Over 1½ million people in the United States have some form of lupus. Women have lupus much more frequently than men—about nine women to every man. Nearly 80% of the cases develop in people between the ages of 15 and 45.

Lupus is diagnosed through blood tests, which look for suspect antibodies. Blood tests include a lupus antibody test and an antinuclear antibody test.

Steroids are generally prescribed to treat lupus. The most common medicines used are prednisone, prednisolone and methylprednisolone. A small amount of the medication passes to the baby.

If you use warfarin, contact your healthcare provider; it should be replaced with heparin as soon as possible. If you have high blood pressure, you may have to switch medicines. Don’t take cyclophosphamide during the first trimester. Azathioprine and cyclosporin may be continued during pregnancy.

All lupus pregnancies should be considered high risk, although most lupus pregnancies are completely normal. “High risk” means solvable problems may occur during the pregnancy and should be expected. More than 50% of all lupus pregnancies are completely normal, and most of the babies are normal, although babies may be somewhat premature.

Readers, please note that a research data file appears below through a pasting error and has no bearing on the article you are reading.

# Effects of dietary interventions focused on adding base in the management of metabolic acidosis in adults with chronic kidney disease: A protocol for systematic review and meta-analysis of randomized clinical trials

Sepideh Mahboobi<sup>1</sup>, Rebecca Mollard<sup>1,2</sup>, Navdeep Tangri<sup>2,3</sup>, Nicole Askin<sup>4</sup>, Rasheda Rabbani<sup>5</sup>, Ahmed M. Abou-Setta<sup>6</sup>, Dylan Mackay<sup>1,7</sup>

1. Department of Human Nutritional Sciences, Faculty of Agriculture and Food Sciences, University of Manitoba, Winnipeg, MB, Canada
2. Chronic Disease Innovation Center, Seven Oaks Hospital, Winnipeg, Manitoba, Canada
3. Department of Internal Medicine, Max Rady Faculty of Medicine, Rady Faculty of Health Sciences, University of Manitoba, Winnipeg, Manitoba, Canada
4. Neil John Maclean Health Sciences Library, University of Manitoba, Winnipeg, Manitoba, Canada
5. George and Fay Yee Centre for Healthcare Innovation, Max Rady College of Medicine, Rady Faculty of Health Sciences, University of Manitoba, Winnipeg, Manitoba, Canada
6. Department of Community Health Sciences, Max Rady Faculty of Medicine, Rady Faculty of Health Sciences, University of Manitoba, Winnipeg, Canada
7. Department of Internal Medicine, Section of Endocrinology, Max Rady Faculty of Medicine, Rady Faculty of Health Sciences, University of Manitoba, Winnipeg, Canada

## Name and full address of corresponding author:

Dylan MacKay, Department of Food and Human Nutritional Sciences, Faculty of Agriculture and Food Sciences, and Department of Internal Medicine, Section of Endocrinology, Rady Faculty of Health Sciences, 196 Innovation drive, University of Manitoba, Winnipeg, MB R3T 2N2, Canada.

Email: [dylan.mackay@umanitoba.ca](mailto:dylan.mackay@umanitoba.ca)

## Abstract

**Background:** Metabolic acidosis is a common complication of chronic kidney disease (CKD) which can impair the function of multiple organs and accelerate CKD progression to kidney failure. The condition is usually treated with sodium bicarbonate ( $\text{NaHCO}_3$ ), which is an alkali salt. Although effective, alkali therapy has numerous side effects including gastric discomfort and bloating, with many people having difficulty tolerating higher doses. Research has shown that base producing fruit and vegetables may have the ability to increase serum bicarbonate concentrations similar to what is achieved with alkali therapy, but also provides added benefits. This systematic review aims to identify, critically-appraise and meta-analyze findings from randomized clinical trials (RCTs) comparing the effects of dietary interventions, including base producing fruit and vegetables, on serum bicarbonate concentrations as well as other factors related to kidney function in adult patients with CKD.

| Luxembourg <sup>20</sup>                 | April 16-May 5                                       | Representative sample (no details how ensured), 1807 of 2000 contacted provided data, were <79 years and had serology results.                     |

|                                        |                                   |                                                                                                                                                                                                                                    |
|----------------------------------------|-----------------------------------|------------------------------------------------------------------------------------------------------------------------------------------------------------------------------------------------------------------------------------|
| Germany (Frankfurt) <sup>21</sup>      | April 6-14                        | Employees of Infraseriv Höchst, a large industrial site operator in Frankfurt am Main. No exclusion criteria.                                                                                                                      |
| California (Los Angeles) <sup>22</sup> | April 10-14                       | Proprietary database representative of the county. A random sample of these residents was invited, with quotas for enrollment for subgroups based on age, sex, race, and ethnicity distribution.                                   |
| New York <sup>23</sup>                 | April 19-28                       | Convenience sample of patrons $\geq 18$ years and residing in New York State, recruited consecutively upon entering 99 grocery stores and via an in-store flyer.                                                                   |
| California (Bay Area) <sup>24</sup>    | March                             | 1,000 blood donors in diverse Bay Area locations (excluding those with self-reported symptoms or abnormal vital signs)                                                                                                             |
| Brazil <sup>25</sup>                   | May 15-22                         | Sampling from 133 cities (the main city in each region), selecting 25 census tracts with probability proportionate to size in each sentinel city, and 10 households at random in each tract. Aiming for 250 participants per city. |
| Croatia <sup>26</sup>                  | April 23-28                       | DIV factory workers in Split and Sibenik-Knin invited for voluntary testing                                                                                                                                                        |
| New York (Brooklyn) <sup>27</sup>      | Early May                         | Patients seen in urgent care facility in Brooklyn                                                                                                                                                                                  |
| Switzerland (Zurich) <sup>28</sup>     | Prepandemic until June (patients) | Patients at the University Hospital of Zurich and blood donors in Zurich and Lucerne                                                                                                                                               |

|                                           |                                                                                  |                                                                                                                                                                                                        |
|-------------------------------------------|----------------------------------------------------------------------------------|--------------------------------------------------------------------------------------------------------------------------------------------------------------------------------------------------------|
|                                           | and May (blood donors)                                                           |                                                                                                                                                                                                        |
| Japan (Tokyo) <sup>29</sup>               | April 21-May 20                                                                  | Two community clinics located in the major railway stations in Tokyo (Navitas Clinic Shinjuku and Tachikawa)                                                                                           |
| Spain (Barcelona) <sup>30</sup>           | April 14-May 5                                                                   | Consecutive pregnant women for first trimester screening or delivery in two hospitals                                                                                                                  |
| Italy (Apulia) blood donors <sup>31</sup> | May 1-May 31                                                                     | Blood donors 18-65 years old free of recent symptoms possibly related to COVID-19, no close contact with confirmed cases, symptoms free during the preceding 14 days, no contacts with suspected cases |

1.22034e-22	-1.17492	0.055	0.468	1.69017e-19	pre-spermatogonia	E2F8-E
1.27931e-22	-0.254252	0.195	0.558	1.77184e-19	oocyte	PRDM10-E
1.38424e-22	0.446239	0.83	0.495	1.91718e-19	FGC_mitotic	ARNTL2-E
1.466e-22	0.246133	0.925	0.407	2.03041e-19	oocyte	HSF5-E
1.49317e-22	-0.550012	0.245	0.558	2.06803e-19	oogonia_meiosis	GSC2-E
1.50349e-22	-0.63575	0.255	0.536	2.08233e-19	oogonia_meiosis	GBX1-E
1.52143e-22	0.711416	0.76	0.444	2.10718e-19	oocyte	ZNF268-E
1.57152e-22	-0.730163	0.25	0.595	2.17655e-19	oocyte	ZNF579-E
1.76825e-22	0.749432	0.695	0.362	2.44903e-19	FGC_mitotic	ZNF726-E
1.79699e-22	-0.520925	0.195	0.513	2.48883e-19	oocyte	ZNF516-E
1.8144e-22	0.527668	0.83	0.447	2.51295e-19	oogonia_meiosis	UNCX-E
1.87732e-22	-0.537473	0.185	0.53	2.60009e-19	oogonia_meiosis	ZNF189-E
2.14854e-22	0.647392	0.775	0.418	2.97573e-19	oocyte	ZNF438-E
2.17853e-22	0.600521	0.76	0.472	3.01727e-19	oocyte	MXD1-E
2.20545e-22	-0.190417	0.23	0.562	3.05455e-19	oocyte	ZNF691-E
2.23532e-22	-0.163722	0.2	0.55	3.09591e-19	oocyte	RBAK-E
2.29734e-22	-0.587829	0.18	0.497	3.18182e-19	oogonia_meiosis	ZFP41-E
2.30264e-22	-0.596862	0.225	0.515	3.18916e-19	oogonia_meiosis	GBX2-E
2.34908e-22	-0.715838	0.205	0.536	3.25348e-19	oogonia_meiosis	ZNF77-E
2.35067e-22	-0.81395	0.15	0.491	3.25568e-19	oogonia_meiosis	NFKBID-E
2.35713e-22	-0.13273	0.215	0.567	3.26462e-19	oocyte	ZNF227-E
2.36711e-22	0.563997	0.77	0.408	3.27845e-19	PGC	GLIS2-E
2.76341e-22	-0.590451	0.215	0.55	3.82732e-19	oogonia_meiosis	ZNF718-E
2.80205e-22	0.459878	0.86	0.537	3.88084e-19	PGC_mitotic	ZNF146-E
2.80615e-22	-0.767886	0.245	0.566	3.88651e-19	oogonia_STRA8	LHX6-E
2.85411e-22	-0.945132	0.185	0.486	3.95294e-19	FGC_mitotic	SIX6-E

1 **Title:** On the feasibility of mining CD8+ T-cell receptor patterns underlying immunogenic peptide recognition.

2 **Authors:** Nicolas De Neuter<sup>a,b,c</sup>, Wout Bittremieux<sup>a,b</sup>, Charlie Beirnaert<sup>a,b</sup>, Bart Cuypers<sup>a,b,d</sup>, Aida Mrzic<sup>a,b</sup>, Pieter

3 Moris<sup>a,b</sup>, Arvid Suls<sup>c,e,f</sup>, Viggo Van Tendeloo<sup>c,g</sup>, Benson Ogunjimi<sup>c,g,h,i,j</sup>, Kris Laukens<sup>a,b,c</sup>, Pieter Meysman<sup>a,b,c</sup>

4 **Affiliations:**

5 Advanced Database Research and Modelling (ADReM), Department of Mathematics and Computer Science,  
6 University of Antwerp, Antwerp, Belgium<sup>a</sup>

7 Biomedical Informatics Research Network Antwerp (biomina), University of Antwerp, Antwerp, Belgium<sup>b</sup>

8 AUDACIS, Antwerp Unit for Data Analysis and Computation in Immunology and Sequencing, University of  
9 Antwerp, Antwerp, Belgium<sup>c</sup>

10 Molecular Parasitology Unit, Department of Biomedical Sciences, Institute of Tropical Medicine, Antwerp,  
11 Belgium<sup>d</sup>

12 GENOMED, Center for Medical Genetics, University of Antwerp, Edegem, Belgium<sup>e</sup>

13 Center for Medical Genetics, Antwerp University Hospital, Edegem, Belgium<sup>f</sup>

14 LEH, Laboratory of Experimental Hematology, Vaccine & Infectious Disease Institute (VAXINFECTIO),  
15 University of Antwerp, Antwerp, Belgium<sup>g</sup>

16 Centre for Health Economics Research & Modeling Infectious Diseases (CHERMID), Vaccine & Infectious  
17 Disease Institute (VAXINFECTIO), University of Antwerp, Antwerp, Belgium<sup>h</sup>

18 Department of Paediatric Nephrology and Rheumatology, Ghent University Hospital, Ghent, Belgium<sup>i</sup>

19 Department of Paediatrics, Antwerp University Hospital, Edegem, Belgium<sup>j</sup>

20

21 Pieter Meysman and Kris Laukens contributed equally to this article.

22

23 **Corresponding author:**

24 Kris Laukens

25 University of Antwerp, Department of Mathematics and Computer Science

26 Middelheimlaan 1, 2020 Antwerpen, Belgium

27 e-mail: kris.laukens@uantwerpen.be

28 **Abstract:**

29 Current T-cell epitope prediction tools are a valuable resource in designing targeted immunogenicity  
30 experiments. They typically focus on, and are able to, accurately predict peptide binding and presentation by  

The risk of pregnancy complications is slightly increased in a woman with lupus. Protein in the urine may get worse. It’s a good idea to see your rheumatologist every month during pregnancy. If you begin to have a flare-up or other problem, it can be dealt with.

If you had kidney damage from previous flare-ups, be on the lookout for kidney problems during pregnancy. Some women experience improvement in their lupus during pregnancy and breastfeeding.